[cited 2016 Mar 13]. Available from:
S.O. Stuver,N. Tachibana,Okayama a,N.E. Mueller
Evaluation of morbidity among human T lymphotropic virus type 1 carriers in Miyazaki, Japan
J Infect Dis [Internet], 173 (1996), pp. 584-591
Available from:
R. Farid Hosseni,F. Jabbari,M. Shabestari
Human T Lymphotropic Virus Type I (HTLV-I) is a risk factor for coronary artery disease
Iran J Basic Med Sci [Internet], 16 (2013), pp. 217-220
Available from:
M.S. Freiberg,Chang C-CH,L.H. Kuller
HIV infection and the risk of acute myocardial infarction
JAMA Intern Med [Internet], 173 (2013), pp. 614-622
[cited 2015 May 11]. Available from:
M.G. Neto,R. Zwirtes,C. Brites
A literature review on cardiovascular risk in human immunodeficiency virus-infected patients: implications for clinical management
Brazilian J Infect Dis [Internet], 17 (2013), pp. 691-700
[cited 2015 Oct 8]. Available from:
P. Rücker,A.H.C. Horn,H. Meiselbach,H. Sticht
A comparative study of HIV-1 and HTLV-I protease structure and dynamics reveals a conserved residue interaction network
J Mol Model [Internet], 17 (2011), pp. 2693-2705
[cited 2015 Oct 29]. Available from:
C.M. De Castro-Costa,A.Q.C. Araújo,M.M. Barreto
Proposal for diagnostic criteria of tropical spastic paraparesis/HTLV-I-associated myelopathy (TSP/HAM)
AIDS Res Hum Retroviruses [Internet], 22 (2006), pp. 931-935
[cited 2015 Sep 14]. Available from:
R. Siren,J.G. Eriksson,H. Vanhanen
Waist circumference a good indicator of future risk for type 2 diabetes and cardiovascular disease
BMC Public Health [Internet], 12 (2012), pp. 631
[cited 2015 Aug 25]. Available from:
A.V. Chobanian,G.L. Bakris,H.R. Black
Seventh report of the Joint National Committee on Prevention, Detection, Evaluation, and Treatment of High Blood Pressure
Hypertension [Internet], 42 (2003 Dec), pp. 1206-1252
[cited 2014 Jul 12]. Available from:
I.C.G.T. Force
Global Guideline for Type 2 Diabetes: recommendations for standard, comprehensive, and minimal care
Diabet Med [Internet], 23 (2006), pp. 579-593
[cited 2015 Dec 10]. Available from:
M. Riberto,M.H. Miyazaki,S.S.H. Jucá,H. Sakamoto,P. Potiguara
Validação da Versão Brasileira da Medida de Independência Funcional Validation of the Brazilian version of Functional Independence Measure
Acta Fisiatr, 11 (2004), pp. 3-7
D.C. Goff,D.M. Lloyd-Jones,G. Bennett
2013 ACC/AHA guideline on the assessment of cardiovascular risk: a report of the American College of Cardiology/American Heart Association Task Force on Practice Guidelines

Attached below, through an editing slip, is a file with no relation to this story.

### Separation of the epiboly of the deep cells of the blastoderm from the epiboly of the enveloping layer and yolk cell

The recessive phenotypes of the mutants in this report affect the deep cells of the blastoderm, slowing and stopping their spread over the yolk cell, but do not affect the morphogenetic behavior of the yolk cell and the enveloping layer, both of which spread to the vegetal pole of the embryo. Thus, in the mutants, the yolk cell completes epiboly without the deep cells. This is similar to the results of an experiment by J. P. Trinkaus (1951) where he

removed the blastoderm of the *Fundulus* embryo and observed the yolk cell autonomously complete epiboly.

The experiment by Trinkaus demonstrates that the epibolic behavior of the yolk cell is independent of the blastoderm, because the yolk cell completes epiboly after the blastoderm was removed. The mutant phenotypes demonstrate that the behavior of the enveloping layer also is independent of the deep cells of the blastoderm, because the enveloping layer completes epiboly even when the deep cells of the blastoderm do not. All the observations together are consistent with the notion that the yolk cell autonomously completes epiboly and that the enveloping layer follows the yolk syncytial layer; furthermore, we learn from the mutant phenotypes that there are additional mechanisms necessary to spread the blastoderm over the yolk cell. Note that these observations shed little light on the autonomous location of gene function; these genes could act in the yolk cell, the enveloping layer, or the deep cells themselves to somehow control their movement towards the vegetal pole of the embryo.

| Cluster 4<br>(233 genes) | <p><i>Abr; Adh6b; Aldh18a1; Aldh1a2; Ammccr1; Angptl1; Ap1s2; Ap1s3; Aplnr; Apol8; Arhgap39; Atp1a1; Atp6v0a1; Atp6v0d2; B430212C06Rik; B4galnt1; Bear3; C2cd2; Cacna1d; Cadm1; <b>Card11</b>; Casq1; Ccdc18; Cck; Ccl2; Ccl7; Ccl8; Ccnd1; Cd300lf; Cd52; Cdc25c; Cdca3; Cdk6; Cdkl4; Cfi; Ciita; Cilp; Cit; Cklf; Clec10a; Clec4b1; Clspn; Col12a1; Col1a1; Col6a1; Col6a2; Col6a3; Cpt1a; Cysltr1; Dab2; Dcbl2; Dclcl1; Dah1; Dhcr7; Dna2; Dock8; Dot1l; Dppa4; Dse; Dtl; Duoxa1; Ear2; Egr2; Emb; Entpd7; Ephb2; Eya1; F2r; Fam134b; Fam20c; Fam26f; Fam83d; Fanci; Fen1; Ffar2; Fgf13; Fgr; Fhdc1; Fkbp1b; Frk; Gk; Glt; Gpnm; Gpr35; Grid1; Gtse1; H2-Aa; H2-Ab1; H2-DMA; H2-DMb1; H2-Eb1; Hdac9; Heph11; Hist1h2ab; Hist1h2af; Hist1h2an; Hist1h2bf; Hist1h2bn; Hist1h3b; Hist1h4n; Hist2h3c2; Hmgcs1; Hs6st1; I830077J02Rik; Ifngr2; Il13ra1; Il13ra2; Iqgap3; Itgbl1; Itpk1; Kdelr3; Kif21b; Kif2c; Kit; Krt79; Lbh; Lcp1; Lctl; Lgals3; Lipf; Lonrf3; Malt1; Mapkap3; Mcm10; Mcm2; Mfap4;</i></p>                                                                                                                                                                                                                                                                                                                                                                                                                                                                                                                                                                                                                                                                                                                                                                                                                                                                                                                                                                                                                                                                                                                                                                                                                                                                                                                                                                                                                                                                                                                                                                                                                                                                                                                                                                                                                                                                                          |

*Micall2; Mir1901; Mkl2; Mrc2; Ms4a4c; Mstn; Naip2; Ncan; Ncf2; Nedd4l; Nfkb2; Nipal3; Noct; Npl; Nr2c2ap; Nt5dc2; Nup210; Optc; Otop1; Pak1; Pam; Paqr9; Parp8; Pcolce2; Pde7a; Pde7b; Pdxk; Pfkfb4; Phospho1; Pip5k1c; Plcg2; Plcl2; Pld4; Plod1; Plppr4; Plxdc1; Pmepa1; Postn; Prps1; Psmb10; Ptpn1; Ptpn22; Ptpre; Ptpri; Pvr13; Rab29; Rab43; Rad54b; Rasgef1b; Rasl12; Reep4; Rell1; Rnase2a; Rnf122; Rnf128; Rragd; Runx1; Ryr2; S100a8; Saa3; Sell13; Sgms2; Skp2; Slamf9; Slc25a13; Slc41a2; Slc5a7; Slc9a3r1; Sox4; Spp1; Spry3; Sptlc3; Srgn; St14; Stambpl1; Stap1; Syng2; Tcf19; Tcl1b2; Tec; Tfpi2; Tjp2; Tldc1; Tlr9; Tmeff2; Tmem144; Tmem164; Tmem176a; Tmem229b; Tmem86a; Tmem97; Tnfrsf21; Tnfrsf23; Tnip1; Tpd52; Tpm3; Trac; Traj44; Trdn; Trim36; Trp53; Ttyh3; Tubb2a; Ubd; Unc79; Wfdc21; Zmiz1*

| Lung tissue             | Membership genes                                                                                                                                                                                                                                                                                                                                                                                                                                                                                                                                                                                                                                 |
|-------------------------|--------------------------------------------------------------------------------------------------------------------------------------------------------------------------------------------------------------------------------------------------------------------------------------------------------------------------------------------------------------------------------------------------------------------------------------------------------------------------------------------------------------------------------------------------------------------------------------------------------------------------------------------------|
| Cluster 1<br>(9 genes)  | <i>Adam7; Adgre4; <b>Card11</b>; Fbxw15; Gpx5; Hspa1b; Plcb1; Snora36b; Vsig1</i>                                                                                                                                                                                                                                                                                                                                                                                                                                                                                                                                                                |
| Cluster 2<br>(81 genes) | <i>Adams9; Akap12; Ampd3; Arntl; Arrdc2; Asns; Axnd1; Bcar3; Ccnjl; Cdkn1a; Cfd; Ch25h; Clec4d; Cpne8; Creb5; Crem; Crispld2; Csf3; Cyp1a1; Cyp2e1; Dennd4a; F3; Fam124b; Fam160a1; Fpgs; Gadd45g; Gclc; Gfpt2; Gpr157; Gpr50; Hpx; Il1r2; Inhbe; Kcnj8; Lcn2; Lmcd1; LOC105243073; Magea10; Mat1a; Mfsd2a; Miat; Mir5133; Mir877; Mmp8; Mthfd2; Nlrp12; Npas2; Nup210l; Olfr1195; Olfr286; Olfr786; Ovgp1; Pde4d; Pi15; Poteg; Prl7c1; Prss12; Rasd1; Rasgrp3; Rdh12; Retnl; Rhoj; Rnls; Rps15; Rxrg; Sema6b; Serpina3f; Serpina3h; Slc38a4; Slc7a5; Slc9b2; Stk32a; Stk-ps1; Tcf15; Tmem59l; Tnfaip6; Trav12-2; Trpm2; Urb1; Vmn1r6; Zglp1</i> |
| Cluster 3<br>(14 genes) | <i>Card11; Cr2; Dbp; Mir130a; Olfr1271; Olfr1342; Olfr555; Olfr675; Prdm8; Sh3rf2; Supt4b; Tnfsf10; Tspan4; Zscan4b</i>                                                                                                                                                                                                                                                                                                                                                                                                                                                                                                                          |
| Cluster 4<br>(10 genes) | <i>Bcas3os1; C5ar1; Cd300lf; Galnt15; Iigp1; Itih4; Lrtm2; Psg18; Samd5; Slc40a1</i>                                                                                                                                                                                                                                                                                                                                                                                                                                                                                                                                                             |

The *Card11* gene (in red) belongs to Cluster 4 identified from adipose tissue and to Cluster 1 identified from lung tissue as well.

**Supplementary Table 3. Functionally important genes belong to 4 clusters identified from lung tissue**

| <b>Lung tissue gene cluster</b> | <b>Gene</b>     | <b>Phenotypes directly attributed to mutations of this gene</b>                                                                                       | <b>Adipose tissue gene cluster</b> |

J Am Coll Cardiol [Internet], 63 (2014), pp. 2935-2959
[cited 2014 Dec 9]. Available from:
T.R. Dawber,G.F. Meadors,F.E. Moore
Epidemiological approaches to heart disease: the Framingham Study
Am J Public Health Nations Health [Internet], 41 (1951), pp. 279-281
[cited 2015 Oct 9]. Available from:
R.B. D’Agostino,R.S. Vasan,M.J. Pencina
General cardiovascular risk profile for use in primary care: the Framingham Heart Study
Circulation [Internet], 117 (2008), pp. 743-753
[cited 2014 Jul 12]. Available from:
R.M. Conroy,K. Pyörälä,A.P. Fitzgerald
Estimation of ten-year risk of fatal cardiovascular disease in Europe: the SCORE project
Eur Heart J [Internet], 24 (2003), pp. 987-1003
[cited 2015 Sep 9]. Available from:
P. Greenland,J.S. Alpert,G.A. Beller
2010 ACCF/AHA guideline for assessment of cardiovascular risk in asymptomatic adults: a report of the American College of Cardiology Foundation/American Heart Association Task Force on Practice Guidelines
J Am Coll Cardiol [Internet], 56 (2010), pp. e50-e103
[cited 2015 Mar 30]. Available from:
P.M. Ridker,N. Rifai,M.J. Stampfer,C.H. Hennekens
Plasma concentration of interleukin-6 and the risk of future myocardial infarction among apparently healthy men
Circulation [Internet], 101 (2000), pp. 1767-1772
[cited 2015 Oct 9]. Available from:
N.I. Galvão,Junqueira VRDFJT,B.M.M. Orlandi,R.F. Ferraz,F.A.A.D. Costa,D.J. Fagundes